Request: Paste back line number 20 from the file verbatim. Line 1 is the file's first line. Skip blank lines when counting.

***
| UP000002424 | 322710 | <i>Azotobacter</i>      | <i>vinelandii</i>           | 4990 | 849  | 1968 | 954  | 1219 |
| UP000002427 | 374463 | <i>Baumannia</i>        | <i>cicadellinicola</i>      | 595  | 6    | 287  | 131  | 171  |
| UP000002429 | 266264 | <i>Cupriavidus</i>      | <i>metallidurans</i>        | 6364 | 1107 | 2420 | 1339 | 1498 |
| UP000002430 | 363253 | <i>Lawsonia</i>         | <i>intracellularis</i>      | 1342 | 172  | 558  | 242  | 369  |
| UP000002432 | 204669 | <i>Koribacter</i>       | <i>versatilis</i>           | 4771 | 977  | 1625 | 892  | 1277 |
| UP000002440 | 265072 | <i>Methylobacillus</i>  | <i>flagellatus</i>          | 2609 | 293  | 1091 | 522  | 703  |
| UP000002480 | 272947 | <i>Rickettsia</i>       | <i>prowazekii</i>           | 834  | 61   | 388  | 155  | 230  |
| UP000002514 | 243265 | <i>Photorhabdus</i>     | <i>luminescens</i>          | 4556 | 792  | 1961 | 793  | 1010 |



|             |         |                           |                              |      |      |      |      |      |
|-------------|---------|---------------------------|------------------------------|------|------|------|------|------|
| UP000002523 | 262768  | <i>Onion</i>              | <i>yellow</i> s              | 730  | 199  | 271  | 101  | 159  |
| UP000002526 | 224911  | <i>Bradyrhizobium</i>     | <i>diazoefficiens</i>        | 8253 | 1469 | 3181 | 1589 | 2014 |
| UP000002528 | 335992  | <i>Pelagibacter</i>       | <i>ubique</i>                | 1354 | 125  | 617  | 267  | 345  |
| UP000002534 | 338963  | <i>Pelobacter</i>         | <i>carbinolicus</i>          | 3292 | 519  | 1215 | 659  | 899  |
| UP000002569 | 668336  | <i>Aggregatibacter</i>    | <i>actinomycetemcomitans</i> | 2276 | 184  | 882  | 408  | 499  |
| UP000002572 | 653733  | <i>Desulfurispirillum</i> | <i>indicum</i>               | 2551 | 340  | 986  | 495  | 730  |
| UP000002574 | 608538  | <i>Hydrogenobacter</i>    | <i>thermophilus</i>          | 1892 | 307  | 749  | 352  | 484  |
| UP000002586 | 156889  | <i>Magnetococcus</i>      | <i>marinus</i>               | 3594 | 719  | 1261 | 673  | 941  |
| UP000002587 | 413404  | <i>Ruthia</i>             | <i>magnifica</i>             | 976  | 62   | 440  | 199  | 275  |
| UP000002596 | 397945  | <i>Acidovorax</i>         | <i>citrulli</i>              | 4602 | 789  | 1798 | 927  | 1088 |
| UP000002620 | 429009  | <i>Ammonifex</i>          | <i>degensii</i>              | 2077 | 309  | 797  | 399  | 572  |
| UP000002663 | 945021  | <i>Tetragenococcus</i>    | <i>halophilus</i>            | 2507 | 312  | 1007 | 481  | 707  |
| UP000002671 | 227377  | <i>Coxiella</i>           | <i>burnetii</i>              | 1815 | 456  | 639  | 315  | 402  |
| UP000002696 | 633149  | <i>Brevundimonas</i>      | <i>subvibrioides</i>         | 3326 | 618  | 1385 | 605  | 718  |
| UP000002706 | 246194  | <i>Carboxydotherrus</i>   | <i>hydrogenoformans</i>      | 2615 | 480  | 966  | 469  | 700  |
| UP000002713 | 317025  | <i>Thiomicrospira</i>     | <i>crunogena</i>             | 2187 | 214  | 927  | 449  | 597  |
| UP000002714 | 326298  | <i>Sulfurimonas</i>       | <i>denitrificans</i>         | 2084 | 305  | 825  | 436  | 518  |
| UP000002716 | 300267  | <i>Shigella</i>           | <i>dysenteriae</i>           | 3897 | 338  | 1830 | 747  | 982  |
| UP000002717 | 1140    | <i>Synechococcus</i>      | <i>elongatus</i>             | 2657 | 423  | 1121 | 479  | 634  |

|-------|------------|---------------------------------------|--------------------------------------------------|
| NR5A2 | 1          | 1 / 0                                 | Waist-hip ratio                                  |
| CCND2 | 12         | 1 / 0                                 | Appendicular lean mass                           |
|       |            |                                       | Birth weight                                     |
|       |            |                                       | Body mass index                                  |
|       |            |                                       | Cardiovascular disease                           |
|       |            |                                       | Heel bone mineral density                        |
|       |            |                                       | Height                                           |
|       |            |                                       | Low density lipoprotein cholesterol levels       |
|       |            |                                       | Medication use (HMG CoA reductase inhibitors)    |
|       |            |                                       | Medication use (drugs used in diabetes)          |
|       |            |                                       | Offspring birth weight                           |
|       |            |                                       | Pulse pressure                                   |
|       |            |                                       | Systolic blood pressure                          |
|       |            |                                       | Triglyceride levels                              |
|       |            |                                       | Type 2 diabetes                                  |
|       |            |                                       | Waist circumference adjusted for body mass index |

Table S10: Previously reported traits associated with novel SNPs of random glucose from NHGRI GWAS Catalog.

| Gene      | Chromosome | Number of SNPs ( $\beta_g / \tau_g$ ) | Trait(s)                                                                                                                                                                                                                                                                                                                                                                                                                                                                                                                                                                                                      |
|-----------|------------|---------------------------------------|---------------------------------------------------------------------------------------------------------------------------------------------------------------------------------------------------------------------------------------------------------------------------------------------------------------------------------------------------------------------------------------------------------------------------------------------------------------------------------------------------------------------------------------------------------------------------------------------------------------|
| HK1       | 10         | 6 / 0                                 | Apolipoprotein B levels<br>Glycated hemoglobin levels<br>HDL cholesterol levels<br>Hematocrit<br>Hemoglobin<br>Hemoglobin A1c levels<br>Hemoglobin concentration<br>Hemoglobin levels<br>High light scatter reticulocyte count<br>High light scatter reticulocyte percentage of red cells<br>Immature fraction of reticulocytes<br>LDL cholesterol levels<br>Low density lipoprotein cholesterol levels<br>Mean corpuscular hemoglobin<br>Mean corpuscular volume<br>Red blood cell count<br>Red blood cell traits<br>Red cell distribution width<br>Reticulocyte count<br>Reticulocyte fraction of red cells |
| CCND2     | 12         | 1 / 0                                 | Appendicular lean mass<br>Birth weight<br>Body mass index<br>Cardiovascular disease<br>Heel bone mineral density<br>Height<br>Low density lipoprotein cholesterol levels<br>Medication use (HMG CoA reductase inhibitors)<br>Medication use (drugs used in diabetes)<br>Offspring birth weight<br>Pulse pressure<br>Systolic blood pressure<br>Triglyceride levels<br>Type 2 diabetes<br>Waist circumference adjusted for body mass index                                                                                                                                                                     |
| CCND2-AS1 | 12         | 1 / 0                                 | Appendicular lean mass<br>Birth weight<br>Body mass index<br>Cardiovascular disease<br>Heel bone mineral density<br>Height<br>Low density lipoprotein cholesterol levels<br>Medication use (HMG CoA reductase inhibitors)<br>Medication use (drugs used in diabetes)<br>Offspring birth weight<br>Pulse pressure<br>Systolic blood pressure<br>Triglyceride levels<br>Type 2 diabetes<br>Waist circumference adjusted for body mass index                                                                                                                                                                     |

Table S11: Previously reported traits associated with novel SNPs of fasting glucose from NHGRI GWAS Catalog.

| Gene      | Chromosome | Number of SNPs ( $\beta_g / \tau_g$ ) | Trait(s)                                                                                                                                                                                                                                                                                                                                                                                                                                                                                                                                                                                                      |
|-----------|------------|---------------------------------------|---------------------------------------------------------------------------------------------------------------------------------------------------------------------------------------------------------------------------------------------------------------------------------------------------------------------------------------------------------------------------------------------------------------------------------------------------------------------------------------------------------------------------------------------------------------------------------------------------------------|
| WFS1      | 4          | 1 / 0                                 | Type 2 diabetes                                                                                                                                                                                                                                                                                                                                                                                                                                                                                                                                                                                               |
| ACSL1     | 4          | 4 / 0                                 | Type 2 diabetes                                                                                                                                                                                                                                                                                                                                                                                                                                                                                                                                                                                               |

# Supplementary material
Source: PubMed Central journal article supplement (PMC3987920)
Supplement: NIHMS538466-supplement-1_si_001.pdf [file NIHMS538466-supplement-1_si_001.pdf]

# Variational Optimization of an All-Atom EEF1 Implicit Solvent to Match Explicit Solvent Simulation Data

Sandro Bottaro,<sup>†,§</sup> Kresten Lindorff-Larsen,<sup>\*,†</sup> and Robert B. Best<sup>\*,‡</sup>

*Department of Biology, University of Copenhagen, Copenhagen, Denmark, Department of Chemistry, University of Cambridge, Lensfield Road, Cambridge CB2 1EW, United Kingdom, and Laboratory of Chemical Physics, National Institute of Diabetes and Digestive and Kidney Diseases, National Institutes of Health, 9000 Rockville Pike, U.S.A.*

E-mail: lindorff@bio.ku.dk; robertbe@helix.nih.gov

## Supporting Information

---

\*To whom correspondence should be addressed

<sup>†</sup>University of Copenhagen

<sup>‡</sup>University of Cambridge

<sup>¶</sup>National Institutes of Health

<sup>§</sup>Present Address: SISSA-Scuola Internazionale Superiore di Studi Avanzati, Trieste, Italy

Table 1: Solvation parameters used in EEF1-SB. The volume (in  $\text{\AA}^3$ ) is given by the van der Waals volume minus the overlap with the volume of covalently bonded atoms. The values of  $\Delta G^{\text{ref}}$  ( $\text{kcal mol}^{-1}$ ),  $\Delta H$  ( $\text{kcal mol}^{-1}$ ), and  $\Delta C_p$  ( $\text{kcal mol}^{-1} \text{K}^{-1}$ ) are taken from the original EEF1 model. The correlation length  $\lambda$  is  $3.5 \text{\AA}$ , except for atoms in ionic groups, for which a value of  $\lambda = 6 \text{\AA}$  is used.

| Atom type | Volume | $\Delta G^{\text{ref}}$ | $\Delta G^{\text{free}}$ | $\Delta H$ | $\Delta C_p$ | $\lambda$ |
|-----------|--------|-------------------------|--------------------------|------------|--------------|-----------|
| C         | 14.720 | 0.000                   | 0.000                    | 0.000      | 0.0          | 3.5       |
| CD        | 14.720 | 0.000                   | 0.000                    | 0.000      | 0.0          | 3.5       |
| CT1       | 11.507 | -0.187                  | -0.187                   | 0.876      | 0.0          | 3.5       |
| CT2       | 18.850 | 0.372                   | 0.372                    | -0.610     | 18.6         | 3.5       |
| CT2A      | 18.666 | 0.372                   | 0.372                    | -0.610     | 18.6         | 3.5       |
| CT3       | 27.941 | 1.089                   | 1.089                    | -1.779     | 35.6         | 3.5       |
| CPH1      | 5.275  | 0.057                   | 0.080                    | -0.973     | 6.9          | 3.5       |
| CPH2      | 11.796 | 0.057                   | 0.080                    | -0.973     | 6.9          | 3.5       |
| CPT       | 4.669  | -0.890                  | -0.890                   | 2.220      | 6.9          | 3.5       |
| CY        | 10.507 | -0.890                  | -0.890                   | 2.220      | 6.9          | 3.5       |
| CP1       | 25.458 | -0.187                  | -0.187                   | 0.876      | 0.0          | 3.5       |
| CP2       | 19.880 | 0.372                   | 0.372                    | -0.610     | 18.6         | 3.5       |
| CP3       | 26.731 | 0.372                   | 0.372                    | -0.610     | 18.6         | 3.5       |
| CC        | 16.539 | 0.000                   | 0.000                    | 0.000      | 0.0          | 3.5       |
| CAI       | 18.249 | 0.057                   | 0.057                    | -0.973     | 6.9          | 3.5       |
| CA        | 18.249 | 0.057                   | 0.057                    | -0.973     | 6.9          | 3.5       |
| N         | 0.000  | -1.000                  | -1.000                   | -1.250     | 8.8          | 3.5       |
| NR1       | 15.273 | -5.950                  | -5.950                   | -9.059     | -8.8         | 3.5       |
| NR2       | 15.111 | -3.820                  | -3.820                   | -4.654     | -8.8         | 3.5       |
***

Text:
| UP000002596 | 397945  | <i>Acidovorax</i>         | <i>citrulli</i>              | 4602 | 789  | 1798 | 927  | 1088 |